Acetate anion destabilization by methyl group

  • #1
The alkyl group of acetate ion in acetic acid pushes more negative charge inductively toward already negative COO- end destabilize it.In this context I wish to know what actually is destabilization?What happen when acetate ion is destabilized?How the anion is stabilized ultimately? Could you please explain?
 

Answers and Replies

  • #2
72
25
So you are comparing methyl group of acetic acid with Hydrogen of Formic Acid or CO2- of Oxylate? Generally an electron withdawing group like CCl3 (in trichloroacetic acid) pulls negative charge from carboxylic CO2 to the side chain, which allows more Hydrogen ion to detach. Since methyl releases electrons it would make the carboxylic bond with hydrogen stronger. That is methyl makes acetic acid weaker. However an Oxygen, electron withdrawing, makes Carbonic Acid a weak acid, highlighting that electron withdrawing/donating isn't the only criteria. Note that dissociation, acidity, of acetic acid, is in solution with water (The pH definition). Water creates complexes with anions and cation. Rather destabilizing, electron donation allow for more covalent character of acetate compounds eg Copper Acetate.
 
  • #3
Thank you very much for your reply.But I did not receive reply to my question what actually is destabilization and what happens when acetate ion is destabilized?How stabilization take place ultimately?I request answer for this.
 
  • #4
72
25
Destabilization means a carboxylic acid is prone to losing the CO2 group. Acetic acid is stabilized by methyl group. Trichloroacetic acid easily loses CO2 to become CHCl3. The charge on the carboxylic acid portion of acetic acid resonates between the two oxygens. Because methyl lowers the acidity, hydrogen ions are still attached to one of the oxygens, making them different, sorta, because other acetic acid molecules share hydrogen ions. However this does not destabilize as much as change the resonant structures available. In other words the term "destabilize" does not have anything to do with acetate ions.
 
  • #5
Thank you very much for the answer which does not fully answer my question
 
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  • #6
I am very eager to receive your replies to my earlier questions.Could you please help me?
 
  • #7
Borek
Mentor
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It is all about energy differences between -COOH and -COO-+H+. -COO- is stabilized by the resonance - if it has lower electron density it is relatively more stable (has a lower combined energy) and the dissociated form is preferred, the higher the electron density the less the energy "gain" and non dissociated form becomes dominant.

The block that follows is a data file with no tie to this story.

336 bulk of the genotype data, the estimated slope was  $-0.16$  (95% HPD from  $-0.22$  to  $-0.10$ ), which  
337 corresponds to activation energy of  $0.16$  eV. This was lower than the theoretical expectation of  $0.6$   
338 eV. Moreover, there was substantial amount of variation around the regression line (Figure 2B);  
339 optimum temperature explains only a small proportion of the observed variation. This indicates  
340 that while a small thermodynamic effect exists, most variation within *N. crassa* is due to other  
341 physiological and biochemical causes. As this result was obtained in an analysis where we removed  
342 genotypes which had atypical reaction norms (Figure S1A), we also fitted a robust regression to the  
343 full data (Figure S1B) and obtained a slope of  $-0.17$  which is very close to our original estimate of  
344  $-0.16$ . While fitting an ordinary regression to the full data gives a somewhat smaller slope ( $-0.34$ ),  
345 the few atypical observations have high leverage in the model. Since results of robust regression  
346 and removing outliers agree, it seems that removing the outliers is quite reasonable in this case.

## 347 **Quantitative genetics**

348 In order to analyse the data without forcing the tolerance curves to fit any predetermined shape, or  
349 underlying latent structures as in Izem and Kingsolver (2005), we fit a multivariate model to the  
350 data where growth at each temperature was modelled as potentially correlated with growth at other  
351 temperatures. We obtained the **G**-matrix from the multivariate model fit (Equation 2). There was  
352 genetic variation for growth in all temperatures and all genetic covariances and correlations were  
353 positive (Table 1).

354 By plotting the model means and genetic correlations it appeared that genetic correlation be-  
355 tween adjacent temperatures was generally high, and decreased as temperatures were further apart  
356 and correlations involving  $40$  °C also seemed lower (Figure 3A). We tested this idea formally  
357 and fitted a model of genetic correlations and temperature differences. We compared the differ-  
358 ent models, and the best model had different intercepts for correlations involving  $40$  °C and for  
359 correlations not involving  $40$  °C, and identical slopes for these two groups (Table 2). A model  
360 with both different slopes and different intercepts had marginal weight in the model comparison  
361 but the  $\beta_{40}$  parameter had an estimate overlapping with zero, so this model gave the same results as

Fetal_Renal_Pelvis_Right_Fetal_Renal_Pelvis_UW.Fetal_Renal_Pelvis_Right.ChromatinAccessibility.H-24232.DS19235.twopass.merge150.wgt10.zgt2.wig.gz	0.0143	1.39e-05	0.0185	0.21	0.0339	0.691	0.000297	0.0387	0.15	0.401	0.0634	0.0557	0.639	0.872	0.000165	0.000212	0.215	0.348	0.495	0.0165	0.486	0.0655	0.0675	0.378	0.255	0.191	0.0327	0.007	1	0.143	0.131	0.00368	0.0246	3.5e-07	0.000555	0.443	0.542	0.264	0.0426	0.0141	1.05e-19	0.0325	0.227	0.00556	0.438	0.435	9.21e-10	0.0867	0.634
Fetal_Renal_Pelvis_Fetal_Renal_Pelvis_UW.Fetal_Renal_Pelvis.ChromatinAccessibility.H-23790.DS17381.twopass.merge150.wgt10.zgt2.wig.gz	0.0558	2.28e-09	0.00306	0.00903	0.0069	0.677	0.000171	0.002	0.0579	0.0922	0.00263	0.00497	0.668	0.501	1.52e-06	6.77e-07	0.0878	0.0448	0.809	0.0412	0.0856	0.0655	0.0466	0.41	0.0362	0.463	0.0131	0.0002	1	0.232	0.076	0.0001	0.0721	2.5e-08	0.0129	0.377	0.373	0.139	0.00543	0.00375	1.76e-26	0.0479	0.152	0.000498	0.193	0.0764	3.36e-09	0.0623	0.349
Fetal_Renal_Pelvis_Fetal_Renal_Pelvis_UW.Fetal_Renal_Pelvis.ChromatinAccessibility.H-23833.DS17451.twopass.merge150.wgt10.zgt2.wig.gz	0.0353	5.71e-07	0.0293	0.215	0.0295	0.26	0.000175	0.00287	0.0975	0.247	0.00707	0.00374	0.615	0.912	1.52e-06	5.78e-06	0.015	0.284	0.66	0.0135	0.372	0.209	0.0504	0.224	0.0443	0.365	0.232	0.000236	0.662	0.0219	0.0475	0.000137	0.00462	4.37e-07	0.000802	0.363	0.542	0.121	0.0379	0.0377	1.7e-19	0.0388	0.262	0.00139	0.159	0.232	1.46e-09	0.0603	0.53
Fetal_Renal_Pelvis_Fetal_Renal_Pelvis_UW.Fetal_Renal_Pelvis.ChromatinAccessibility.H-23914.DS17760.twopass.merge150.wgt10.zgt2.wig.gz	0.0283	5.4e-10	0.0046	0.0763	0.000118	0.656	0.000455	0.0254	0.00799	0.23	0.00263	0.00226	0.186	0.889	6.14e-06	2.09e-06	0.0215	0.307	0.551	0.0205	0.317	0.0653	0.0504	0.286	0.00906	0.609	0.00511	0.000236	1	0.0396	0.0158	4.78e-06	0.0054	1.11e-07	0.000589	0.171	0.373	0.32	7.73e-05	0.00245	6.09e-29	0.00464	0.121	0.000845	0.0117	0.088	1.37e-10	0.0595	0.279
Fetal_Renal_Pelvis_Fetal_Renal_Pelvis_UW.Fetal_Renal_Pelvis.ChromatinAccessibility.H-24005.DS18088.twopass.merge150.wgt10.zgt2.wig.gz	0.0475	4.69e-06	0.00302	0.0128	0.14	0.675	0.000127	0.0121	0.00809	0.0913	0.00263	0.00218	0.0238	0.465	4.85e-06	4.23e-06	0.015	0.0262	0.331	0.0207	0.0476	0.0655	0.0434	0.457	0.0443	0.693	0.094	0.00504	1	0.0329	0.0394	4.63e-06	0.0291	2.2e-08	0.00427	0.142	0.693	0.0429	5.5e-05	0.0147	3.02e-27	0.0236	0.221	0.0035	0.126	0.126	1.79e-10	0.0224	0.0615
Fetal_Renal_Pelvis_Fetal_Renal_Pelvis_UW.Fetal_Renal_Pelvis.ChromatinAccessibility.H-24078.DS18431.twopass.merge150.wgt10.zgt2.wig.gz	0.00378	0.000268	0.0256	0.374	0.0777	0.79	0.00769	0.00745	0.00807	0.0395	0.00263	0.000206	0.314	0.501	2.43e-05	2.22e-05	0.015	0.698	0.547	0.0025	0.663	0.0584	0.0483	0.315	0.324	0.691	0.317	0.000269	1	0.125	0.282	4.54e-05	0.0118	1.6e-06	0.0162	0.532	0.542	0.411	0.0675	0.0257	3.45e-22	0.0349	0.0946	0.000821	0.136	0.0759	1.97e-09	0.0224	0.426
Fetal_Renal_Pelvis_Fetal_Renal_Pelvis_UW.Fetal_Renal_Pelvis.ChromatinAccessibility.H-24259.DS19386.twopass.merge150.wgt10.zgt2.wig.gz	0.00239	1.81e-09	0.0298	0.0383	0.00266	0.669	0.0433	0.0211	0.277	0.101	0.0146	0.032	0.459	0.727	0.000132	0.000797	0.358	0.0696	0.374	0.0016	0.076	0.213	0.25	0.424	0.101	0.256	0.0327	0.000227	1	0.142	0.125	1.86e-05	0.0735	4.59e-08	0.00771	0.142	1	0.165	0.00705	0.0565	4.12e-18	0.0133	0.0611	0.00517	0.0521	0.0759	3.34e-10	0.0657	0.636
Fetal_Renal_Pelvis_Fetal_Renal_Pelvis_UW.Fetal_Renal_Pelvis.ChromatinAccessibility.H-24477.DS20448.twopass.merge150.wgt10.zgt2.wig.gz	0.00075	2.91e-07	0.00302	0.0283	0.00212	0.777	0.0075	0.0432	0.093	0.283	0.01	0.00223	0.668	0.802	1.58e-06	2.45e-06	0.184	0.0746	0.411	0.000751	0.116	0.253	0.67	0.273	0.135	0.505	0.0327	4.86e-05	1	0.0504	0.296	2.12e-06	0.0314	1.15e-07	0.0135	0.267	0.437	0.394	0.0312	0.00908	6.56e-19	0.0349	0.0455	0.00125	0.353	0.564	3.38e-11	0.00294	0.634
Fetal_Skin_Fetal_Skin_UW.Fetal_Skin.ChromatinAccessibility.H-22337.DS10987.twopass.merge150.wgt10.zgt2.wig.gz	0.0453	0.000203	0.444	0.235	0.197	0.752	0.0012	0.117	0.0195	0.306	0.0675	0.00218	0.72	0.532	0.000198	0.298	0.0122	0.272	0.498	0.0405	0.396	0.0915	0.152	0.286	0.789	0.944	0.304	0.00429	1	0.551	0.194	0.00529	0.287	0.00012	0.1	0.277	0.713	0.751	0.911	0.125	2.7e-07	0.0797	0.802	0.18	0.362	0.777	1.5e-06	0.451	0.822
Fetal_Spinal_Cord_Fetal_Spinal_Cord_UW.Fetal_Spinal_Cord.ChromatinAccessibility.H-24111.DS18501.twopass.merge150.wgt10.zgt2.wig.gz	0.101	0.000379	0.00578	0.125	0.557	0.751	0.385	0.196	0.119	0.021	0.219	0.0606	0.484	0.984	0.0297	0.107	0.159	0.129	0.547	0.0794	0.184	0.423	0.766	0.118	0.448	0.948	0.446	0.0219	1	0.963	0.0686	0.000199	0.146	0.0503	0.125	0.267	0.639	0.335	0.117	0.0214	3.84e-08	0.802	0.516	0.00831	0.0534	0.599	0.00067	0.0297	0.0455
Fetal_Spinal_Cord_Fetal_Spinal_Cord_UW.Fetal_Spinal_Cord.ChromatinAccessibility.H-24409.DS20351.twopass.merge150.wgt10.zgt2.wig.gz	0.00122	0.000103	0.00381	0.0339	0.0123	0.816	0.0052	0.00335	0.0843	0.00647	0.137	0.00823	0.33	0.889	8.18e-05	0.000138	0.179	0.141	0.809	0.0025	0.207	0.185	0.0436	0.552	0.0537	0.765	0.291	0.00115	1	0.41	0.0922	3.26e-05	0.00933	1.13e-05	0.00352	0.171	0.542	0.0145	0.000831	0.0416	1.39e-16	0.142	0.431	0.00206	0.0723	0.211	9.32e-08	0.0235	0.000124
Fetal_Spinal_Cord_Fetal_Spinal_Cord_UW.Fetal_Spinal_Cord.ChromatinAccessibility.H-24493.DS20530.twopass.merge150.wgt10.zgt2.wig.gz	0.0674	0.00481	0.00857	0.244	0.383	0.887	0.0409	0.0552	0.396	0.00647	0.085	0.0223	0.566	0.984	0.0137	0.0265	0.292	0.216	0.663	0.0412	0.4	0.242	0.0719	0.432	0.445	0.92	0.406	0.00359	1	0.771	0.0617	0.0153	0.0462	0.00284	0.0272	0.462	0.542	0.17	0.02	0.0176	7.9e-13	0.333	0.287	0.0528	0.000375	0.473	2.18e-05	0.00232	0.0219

Sadly, I feel like this explanation doesn't answer your question "what is destabilization" - as the only exact answer I can think of is "destabilization is making something less stable", which is rather tautological.
 
  • #8
Thanks a lot for the answer.But my question is what actually happens to the anion?Is there any structural change to the anion?
Sorry for repeating the same problem.
 
  • #9
Borek
Mentor
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No structural change (although with the changing electron density I wouldn't be surprised by some minor changes to the C-O bond lengths and/or the O-C-O angle).
 
  • #10
Thank you for your answer which clears my doubt to some extent.However I do not understand the first sentence,"It is all about energy differences........and non dissociated form become dominant".Please clarify'
 
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  • #11
I am very eager to see your reply to my last post.I shall be immensely thankful to you if you could post your answer.
 
  • #12
Borek
Mentor
28,500
2,914
Sorry, every answer we give you leads only to further questions, as if you had no idea what are the basic principles at work. I strongly suggest you read some general chemistry books where these things are explained. I have no problems helping with details, but full lecture on things that are covered in every chemistry course is out of the question.
 
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  • #13
Thanks a lot for the answer and advice.
 

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